How do you cope with cancer-related fatigue?
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For patients with cancer-related fatigue, exercise is likely to be last on the list of appealing activities. According to a new study, however, physical activity is the best way to combat this common side effect.
Researchers compared a variety of treatments for cancer-related fatigue to find that exercise or psychological interventions fared best, while drug treatments were less effective.
Based on their findings, the authors suggest that doctors should recommend exercise or psychological therapies to patients with cancer-related fatigue in the first instance, rather than turning to medications.
Lead author Karen Mustian, Ph.D. - associate professor in the Cancer Control Program of the Department of Surgery at the University of Rochester Medical Center in New York - and colleagues recently published their findings in JAMA Oncology.
Fatigue is the most common side effect for patients being treated for cancer. As well as tiredness and lack of energy, cancer-related fatigue may cause confusion, irritability, poor memory, and depression.
Not only can this reduce patients' quality of life by preventing them from engaging in day-to-day activities, but it may also discourage them from completing their cancer treatment.
Current guidelines suggest that exercise, medication, and psychological interventions such as cognitive behavioral therapy, may be effective for reducing cancer-related fatigue, but which treatment is best? Mustian and colleagues set out to answer this question.
Exercise more effective than medication
The researchers analyzed data from 113 randomized clinical trials that evaluated the effects of physical activity, medication, and psychological interventions, as well as a combination of both physical activity and psychological interventions, on cancer-related fatigue.
In total, the studies included 11,525 patients aged between 35 and 72 who had been diagnosed with cancer, all of whom had cancer-related fatigue. Almost half of the studies consisted of women with breast cancer, while 10 of the studies enrolled men with other cancer types.
The researchers found that exercise and psychological interventions were equally effective for reducing cancer-related fatigue, as determined by measures on various fatigue assessments - including the Piper Fatigue Scale and the Multidimensional Fatigue Inventory.
Drug treatments, which included modafinil and Ritalin, were found to be less effective than both exercise and psychological interventions.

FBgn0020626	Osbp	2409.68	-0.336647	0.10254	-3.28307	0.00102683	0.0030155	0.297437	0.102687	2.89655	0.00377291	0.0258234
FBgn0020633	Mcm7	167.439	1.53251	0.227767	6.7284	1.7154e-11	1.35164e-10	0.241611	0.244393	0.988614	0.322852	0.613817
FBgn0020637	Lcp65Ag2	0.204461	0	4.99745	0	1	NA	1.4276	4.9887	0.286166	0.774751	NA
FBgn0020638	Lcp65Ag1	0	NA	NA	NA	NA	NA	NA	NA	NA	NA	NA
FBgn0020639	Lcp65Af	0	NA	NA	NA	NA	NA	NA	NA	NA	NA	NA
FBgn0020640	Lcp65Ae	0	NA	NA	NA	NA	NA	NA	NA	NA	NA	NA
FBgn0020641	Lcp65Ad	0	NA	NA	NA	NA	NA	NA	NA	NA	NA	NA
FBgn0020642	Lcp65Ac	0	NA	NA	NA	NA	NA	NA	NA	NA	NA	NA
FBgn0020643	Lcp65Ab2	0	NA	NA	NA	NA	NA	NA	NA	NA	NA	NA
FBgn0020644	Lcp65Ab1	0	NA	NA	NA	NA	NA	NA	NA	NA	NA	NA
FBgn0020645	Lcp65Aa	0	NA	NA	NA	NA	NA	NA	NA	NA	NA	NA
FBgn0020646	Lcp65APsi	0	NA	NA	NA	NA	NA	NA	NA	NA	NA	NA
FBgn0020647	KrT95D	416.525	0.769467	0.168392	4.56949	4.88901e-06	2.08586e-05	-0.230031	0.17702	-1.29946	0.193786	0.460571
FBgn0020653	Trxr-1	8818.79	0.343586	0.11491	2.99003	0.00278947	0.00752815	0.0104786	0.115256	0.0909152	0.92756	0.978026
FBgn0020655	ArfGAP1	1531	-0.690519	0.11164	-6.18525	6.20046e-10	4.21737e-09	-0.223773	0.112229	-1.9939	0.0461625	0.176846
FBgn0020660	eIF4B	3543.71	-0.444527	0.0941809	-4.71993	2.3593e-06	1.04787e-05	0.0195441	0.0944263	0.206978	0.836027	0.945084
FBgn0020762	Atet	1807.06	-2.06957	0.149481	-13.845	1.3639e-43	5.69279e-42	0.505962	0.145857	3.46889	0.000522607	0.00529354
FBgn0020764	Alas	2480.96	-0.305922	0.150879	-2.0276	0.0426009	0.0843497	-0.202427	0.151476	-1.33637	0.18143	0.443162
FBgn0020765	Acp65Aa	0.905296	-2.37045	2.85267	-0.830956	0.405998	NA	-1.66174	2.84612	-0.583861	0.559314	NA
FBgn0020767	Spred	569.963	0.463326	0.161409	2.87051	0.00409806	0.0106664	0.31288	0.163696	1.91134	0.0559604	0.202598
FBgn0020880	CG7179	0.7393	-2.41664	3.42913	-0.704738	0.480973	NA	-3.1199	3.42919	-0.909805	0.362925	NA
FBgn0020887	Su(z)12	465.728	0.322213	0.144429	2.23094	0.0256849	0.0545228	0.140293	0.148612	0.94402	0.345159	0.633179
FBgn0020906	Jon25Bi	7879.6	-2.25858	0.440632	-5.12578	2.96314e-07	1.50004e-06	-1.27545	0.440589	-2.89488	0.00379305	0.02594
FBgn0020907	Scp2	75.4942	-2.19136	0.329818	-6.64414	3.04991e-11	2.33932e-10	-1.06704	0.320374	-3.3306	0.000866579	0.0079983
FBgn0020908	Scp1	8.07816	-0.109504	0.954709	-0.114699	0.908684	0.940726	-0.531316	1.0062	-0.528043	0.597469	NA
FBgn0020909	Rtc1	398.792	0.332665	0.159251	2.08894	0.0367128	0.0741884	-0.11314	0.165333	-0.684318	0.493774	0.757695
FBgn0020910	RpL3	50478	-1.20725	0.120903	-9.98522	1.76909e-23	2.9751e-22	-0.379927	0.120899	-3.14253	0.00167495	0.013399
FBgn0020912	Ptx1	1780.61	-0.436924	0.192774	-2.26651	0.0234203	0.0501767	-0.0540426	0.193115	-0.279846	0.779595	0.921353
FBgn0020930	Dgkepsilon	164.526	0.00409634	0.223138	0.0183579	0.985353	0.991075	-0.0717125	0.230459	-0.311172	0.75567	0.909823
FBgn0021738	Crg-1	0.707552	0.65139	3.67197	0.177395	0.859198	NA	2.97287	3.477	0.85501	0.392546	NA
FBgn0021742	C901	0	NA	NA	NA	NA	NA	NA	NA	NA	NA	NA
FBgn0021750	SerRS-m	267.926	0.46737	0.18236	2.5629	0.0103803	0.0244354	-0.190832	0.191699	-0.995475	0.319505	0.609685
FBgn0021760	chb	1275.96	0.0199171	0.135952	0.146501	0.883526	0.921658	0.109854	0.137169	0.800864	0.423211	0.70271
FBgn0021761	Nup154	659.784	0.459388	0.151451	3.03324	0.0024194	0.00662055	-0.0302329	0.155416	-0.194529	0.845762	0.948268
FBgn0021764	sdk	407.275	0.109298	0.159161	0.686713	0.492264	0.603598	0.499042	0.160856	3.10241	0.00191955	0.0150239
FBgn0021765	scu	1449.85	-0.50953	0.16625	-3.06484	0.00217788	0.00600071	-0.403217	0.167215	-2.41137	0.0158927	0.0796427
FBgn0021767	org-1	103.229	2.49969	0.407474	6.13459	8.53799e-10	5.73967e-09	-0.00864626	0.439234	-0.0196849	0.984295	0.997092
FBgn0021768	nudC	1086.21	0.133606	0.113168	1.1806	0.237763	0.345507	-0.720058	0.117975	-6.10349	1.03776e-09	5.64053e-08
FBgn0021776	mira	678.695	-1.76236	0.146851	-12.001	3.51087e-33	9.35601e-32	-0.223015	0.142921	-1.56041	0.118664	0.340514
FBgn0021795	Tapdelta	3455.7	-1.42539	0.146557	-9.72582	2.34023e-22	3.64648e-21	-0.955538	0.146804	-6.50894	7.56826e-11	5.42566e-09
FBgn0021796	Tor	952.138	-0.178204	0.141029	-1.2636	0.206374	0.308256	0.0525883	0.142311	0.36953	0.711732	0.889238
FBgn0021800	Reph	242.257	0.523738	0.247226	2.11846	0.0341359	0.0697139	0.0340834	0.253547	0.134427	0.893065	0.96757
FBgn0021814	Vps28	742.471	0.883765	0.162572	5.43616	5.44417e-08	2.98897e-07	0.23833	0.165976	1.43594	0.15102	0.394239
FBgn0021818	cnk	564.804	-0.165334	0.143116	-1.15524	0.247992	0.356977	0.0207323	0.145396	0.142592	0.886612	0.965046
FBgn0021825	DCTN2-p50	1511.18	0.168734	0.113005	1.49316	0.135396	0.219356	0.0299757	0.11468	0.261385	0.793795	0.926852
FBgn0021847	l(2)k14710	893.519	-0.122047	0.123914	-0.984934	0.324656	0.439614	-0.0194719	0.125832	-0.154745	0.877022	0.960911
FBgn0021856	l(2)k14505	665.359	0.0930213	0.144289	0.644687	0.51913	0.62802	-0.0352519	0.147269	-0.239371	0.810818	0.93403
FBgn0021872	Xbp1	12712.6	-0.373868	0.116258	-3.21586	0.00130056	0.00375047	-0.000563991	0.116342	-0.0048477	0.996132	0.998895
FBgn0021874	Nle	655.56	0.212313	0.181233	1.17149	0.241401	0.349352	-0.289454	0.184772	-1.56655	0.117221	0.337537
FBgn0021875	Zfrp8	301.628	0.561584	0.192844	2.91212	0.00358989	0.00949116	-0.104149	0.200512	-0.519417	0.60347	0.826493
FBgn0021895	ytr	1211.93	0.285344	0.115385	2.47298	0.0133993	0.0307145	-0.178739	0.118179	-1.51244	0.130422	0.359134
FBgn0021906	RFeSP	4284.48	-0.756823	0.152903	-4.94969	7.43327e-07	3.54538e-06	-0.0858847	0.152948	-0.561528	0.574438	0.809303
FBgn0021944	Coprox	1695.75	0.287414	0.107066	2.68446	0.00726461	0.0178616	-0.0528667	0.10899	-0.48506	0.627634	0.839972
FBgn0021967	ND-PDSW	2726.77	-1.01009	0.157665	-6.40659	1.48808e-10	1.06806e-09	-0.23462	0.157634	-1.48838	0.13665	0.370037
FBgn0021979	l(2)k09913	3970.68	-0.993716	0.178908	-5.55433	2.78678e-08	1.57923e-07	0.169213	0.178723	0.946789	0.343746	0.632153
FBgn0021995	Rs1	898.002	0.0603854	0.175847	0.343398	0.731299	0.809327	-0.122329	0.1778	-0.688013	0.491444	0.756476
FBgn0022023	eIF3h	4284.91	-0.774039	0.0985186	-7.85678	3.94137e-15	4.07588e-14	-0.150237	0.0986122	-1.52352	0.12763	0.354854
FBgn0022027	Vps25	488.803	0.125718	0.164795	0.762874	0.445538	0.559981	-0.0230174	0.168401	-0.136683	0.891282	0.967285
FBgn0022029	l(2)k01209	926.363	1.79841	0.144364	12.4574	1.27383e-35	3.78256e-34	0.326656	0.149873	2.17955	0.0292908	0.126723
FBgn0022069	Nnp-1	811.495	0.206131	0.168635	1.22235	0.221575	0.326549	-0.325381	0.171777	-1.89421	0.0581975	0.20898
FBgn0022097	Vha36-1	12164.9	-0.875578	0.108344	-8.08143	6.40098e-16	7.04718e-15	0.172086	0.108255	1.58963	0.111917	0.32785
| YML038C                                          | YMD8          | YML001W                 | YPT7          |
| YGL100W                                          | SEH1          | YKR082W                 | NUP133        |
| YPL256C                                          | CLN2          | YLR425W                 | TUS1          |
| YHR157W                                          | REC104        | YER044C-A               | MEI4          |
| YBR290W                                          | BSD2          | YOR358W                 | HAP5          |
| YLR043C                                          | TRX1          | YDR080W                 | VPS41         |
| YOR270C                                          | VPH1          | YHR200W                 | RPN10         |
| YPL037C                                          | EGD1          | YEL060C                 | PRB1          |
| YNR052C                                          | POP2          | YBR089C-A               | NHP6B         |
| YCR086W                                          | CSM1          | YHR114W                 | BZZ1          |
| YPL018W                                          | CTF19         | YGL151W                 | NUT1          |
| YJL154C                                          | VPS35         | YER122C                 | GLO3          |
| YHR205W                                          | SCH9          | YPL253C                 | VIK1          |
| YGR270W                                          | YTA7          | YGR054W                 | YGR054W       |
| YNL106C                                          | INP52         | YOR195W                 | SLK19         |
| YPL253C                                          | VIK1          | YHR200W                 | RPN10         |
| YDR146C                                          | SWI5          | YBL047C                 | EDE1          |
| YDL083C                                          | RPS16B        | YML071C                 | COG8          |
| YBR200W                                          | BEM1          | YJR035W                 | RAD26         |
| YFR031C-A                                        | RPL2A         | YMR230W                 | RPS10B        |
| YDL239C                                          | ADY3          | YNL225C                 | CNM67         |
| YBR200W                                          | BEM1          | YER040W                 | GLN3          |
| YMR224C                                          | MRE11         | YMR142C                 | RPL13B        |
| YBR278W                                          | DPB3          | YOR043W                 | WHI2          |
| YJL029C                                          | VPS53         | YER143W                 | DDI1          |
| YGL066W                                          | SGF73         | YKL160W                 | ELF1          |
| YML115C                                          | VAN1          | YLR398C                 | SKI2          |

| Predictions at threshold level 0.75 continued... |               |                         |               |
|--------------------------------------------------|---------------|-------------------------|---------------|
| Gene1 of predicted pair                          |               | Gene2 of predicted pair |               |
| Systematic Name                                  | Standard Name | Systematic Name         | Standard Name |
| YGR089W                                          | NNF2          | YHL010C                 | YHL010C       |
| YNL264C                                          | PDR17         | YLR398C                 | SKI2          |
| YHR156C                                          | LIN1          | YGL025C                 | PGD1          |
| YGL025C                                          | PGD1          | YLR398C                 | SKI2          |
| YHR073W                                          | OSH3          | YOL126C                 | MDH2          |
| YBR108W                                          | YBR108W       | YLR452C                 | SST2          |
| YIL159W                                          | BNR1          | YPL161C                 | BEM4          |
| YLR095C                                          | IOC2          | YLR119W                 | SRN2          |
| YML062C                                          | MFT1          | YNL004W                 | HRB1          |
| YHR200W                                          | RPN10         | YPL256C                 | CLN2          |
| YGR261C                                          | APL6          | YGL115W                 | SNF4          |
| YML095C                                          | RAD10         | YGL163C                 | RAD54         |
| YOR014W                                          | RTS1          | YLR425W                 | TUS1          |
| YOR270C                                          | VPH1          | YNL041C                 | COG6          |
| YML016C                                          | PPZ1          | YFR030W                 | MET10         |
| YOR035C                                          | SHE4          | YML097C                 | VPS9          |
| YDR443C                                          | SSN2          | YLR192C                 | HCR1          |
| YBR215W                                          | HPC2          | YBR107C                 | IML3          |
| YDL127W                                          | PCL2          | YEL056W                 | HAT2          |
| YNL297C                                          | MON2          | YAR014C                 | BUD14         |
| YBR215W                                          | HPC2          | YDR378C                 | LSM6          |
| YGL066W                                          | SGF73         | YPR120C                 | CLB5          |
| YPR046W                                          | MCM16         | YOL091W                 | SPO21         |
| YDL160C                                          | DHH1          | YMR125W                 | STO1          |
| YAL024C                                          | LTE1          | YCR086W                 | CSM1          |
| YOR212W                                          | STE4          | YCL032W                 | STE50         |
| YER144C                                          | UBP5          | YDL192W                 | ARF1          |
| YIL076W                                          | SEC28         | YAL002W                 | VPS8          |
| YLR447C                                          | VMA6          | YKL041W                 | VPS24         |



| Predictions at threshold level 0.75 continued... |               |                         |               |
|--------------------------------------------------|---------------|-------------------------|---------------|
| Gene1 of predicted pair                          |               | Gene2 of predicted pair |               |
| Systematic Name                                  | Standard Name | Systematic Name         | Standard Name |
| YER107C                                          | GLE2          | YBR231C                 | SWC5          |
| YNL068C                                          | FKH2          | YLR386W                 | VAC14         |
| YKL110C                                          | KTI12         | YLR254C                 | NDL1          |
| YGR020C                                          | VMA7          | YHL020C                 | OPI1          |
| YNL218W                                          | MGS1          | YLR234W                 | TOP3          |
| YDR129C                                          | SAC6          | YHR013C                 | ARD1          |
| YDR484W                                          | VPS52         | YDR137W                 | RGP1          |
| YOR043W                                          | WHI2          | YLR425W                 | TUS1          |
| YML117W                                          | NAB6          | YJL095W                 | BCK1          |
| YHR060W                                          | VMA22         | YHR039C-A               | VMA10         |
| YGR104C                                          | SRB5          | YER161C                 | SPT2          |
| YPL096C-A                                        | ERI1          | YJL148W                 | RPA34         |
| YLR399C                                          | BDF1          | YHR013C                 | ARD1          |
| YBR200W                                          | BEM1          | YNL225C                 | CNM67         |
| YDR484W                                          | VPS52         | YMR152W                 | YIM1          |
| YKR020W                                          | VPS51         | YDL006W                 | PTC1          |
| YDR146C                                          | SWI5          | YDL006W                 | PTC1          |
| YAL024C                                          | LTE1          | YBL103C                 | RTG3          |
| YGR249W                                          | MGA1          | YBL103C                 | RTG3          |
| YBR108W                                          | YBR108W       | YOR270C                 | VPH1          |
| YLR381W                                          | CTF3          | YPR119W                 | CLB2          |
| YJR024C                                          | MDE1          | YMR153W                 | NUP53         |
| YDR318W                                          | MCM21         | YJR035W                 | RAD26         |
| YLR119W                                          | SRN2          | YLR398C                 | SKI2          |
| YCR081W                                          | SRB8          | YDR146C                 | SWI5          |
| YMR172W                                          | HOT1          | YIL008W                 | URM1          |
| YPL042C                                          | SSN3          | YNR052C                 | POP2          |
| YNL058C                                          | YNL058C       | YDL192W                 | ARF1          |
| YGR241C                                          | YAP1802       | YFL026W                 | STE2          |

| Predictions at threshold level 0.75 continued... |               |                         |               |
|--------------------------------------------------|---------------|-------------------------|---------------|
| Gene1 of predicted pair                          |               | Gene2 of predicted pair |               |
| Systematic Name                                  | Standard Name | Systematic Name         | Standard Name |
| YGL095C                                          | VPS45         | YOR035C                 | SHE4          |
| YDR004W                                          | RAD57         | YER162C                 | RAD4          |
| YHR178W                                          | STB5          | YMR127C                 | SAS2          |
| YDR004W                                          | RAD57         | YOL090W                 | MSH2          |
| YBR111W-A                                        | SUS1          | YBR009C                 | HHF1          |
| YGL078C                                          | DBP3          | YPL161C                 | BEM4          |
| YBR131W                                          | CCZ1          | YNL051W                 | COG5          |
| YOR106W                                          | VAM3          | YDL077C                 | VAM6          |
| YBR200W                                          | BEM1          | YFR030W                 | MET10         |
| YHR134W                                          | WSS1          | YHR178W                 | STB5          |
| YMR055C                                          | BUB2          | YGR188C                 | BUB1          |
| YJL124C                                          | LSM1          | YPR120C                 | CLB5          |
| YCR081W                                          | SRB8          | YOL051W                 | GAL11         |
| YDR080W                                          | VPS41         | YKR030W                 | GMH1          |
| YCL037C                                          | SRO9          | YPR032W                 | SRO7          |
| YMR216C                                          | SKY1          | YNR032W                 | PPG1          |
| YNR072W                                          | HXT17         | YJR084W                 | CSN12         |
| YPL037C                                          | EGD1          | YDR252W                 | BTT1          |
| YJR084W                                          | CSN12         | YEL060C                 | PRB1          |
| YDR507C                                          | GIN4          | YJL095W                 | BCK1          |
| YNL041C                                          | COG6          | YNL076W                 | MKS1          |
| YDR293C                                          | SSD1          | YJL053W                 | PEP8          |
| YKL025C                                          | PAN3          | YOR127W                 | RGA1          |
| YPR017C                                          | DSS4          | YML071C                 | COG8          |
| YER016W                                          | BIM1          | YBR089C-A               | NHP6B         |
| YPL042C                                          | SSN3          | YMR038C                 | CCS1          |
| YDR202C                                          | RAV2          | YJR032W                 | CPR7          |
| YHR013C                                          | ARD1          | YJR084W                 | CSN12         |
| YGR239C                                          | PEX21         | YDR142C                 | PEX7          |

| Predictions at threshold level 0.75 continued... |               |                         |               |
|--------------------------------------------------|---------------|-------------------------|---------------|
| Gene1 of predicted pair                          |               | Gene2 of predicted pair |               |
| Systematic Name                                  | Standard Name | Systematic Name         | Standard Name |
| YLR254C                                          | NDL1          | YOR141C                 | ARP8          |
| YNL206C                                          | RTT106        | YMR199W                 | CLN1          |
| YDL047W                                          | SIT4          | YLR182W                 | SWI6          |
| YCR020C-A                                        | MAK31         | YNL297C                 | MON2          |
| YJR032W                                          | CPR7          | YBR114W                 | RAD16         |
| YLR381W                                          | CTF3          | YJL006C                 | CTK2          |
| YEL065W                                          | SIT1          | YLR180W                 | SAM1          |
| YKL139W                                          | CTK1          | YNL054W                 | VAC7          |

Based on these findings, the team says that doctors should focus less on recommending drug treatments for patients with cancer-related fatigue, and more on physical activity and psychological therapies.
"The literature bears out that these drugs don't work very well although they are continually prescribed," says Mustian. "Cancer patients already take a lot of medications and they all come with risks and side effects. So any time you can subtract a pharmaceutical from the picture it usually benefits patients."
Maintaining your weight losses is the most essential thing, exercise is the last thing needed. With the massive weight loss comes big muscle loss if not addressed, so exercise will not be helpful. The fatigue is probably more related to the lack of ability to eat and the distressing side effects of the treatment.
The best hope is the medical profession learning that such destructive treatment is not necessary and much lower doses are required. They are already reducing the power of the drugs/treatment so there is hope but not for us who have been through it already. The cancer is not normally the problem but the aggressive treatment causes massive weight loss. The long periods of the various treatments I would have thought caused massive depressing affect leading to the fatigue.
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How are you today? Have you seen this older discussion?
Cancer can often be tiring - both physically and mentally - before, during and after treatment.
How do you cope with cancer-related fatigue? Do you have a particular routine you follow? Is there something you take like a supplement? How do you manage?
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Courtney_J, Community Manager, Carenity UK
As always drugs are discovered that can reduce the damage to the surrounding tissue/bone of treatment area. To old drugs to increase the blood flow are hoped to prevent the massive destruction and therefore reduce the damage to teeth, gum and bone in treating cancer in that area. This a massive issue for me long term due to infections created from the lack of blood flow. Having infection travel one tooth at a time leading to supposed hospital extractions and endless anti-biotics. No long term plan by hospitals leave you stranded to extensive dental issues without support from the NHS.
Lymphatic system damage is another long term problem where self treatment is the only solution for the rest of your life. Distressing and painful at times finding your own solution is a must. Therefore sites like this to allow patients to pass on their experiencies and their resolutions.
Finally the muscule spasms and tissue damage have been a real painful experience with no real solution long term.
But I am still alive to enjoy these painful delights of cancer treatment. It seems the NHS are discovering new methods to reduce some of the damage of cancer treatment in future patients. Stay safe.
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